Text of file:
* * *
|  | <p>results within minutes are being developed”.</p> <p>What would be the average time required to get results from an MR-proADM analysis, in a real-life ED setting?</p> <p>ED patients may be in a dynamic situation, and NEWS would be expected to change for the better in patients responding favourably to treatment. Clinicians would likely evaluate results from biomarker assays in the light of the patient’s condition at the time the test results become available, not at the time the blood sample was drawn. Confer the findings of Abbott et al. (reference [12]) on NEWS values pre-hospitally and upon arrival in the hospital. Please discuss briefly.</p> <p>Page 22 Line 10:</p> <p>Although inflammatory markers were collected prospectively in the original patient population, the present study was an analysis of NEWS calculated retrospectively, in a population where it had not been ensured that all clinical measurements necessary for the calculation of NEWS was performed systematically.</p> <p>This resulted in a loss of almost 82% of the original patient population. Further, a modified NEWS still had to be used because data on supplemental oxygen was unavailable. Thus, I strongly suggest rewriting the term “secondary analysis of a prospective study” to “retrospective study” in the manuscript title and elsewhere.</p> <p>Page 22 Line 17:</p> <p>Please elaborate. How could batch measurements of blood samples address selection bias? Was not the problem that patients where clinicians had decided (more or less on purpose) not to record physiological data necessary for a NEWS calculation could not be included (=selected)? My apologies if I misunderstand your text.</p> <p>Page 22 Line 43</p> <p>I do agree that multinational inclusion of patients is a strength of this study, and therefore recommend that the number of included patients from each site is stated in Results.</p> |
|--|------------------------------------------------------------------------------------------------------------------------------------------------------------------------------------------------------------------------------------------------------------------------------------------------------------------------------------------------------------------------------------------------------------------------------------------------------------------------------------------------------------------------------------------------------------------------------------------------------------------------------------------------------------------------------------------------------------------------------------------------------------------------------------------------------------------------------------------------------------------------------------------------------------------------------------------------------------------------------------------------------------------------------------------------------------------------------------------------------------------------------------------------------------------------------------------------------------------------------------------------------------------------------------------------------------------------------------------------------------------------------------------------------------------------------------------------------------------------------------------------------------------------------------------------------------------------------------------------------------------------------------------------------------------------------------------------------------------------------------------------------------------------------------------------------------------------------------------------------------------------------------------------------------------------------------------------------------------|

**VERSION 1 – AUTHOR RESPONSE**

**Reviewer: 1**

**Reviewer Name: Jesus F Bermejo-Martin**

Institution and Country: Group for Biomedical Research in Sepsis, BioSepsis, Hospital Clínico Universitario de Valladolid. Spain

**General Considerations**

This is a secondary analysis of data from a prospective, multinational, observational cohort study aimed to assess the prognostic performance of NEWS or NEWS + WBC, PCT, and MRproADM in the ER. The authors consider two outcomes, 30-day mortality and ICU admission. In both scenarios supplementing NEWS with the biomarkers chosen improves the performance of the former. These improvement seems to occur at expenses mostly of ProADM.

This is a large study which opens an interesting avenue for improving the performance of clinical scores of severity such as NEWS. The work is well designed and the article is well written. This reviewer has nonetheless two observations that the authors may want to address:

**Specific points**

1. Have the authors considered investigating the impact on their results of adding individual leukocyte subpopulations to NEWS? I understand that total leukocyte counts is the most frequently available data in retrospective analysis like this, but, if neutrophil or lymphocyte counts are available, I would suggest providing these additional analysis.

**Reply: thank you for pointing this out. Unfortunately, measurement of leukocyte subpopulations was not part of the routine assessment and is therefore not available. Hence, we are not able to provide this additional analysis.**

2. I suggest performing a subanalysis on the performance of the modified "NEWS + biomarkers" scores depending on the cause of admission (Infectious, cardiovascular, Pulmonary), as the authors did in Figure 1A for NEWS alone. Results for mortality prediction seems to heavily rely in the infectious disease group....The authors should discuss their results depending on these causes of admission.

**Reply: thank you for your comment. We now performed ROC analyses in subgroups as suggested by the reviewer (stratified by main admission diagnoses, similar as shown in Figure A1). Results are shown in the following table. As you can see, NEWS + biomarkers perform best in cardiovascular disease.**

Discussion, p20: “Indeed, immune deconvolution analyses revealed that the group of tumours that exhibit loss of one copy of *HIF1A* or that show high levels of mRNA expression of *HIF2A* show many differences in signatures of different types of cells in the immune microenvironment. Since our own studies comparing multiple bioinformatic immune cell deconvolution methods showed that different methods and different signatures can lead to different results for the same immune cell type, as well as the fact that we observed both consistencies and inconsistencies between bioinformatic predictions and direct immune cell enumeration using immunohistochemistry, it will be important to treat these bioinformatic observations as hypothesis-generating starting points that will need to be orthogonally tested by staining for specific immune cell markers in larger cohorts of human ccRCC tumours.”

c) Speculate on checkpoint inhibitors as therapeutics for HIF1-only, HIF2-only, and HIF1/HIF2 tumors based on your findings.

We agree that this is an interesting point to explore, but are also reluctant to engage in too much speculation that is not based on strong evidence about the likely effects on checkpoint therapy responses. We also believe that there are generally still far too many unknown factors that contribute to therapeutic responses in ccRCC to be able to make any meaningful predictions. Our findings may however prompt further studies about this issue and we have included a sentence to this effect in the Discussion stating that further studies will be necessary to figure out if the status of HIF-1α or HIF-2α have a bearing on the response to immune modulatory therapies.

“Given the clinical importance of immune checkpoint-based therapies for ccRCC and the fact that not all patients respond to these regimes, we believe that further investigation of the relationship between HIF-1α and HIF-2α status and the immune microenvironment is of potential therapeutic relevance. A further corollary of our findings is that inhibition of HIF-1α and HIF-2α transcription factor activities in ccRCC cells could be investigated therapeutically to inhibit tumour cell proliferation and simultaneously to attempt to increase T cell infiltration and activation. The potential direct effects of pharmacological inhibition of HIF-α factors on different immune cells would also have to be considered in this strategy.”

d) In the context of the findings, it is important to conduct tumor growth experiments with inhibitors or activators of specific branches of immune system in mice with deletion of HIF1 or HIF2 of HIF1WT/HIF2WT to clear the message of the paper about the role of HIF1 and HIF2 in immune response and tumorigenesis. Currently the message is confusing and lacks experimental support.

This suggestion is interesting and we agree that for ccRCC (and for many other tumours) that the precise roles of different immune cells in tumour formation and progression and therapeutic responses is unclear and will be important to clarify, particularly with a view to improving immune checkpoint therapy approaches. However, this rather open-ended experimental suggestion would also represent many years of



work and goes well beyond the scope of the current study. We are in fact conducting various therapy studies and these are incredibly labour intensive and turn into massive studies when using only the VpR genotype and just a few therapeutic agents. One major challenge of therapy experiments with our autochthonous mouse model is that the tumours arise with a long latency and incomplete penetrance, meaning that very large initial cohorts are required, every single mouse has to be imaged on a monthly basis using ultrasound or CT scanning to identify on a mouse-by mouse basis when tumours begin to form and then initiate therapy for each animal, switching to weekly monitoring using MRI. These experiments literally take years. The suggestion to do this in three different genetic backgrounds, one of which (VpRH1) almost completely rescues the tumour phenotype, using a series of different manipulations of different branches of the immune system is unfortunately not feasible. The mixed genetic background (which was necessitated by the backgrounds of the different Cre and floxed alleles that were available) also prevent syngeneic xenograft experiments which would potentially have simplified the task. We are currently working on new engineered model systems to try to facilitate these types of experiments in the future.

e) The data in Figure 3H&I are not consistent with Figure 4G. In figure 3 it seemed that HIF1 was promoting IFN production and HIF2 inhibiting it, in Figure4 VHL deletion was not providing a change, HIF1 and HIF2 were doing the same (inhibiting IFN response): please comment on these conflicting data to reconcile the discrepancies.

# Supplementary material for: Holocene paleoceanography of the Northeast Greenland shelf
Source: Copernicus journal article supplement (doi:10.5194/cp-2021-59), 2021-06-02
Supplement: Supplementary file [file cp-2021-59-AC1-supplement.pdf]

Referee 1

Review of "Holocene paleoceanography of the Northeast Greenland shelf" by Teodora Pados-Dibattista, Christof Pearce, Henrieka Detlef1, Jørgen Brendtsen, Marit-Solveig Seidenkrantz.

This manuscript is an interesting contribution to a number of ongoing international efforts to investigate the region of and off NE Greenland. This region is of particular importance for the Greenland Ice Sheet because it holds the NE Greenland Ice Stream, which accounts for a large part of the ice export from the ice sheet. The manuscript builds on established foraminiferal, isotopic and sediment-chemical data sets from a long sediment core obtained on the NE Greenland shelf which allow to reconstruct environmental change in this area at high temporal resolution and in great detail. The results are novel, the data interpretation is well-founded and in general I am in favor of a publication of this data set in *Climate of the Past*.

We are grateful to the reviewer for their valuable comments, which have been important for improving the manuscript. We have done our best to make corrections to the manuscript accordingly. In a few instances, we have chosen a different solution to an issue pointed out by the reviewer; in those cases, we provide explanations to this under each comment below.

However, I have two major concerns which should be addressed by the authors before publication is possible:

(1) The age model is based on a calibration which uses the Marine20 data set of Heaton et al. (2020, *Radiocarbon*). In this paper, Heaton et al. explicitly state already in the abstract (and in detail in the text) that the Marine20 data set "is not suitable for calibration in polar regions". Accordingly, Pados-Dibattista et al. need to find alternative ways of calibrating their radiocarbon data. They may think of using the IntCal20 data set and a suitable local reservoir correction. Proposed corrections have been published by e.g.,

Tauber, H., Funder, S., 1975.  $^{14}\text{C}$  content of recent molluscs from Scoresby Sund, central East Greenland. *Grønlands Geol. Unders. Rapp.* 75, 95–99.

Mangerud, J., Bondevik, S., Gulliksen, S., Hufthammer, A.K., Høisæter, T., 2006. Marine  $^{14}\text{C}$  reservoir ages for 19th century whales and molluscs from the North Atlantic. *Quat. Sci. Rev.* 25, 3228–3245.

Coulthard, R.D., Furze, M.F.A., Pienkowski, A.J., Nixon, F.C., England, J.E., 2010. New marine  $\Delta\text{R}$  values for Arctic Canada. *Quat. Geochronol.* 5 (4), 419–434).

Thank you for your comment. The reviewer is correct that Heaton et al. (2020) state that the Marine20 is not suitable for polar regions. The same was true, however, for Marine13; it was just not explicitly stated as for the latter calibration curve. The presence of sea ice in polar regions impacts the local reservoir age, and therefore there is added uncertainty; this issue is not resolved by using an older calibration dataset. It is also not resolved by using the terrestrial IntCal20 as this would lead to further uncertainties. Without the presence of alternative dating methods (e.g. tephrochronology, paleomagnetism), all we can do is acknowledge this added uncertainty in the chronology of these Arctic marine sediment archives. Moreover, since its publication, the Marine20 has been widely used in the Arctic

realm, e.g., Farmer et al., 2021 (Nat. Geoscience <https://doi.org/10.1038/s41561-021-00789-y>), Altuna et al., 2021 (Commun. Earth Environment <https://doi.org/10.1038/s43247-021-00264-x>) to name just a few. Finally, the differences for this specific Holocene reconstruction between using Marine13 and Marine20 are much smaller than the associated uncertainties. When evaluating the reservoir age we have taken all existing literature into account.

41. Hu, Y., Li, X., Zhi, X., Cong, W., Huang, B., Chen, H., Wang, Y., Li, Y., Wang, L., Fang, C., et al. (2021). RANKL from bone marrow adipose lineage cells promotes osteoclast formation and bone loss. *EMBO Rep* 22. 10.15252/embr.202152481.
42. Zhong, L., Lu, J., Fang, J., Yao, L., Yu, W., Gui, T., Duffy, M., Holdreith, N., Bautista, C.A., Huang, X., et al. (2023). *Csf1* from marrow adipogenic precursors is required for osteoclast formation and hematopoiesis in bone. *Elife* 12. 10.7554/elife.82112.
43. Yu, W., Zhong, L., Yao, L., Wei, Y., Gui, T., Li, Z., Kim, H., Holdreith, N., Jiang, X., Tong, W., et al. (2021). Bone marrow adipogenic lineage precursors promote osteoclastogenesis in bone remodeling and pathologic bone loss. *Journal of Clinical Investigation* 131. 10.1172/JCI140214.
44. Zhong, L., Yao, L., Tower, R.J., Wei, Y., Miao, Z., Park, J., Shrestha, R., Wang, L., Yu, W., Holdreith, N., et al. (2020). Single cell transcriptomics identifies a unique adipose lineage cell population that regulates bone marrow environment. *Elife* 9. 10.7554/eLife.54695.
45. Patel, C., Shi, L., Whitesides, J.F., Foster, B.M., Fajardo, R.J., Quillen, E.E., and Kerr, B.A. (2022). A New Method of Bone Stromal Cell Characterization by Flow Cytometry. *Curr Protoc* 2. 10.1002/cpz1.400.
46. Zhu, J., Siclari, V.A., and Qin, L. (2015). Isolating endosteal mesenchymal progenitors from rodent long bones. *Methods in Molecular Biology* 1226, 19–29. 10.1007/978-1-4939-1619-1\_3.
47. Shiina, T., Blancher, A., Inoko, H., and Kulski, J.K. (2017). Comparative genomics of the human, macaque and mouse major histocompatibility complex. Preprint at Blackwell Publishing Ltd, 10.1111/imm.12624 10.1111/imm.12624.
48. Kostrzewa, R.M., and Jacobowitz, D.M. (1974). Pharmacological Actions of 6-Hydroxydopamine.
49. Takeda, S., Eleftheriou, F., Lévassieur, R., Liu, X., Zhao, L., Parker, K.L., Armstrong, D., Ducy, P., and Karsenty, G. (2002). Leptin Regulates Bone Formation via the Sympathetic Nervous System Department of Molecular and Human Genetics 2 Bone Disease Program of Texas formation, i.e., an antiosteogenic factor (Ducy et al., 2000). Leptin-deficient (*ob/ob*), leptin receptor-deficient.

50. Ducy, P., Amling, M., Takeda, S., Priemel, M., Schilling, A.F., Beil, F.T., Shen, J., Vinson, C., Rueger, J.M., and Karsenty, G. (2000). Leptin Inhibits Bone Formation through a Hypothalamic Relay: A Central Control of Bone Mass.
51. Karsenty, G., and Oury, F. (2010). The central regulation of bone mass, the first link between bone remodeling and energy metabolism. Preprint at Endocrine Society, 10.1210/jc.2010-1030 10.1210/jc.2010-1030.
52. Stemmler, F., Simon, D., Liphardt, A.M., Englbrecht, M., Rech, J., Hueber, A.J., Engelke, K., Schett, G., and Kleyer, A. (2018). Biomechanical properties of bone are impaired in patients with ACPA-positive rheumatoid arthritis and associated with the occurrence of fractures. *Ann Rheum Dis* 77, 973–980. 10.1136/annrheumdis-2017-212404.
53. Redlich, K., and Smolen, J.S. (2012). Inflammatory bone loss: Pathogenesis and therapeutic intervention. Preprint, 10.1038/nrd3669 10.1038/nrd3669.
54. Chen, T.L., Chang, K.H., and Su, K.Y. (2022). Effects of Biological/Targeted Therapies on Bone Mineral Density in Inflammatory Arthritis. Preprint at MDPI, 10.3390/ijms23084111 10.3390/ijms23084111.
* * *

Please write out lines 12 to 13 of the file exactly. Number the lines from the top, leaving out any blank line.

**Reply: thank you for pointing this out. Unfortunately, measurement of leukocyte subpopulations was not part of the routine assessment and is therefore not available. Hence, we are not able to provide this additional analysis.**

2. I suggest performing a subanalysis on the performance of the modified "NEWS + biomarkers" scores depending on the cause of admission (Infectious, cardiovascular, Pulmonary), as the authors did in Figure 1A for NEWS alone. Results for mortality prediction seems to heavily rely in the infectious disease group....The authors should discuss their results depending on these causes of admission.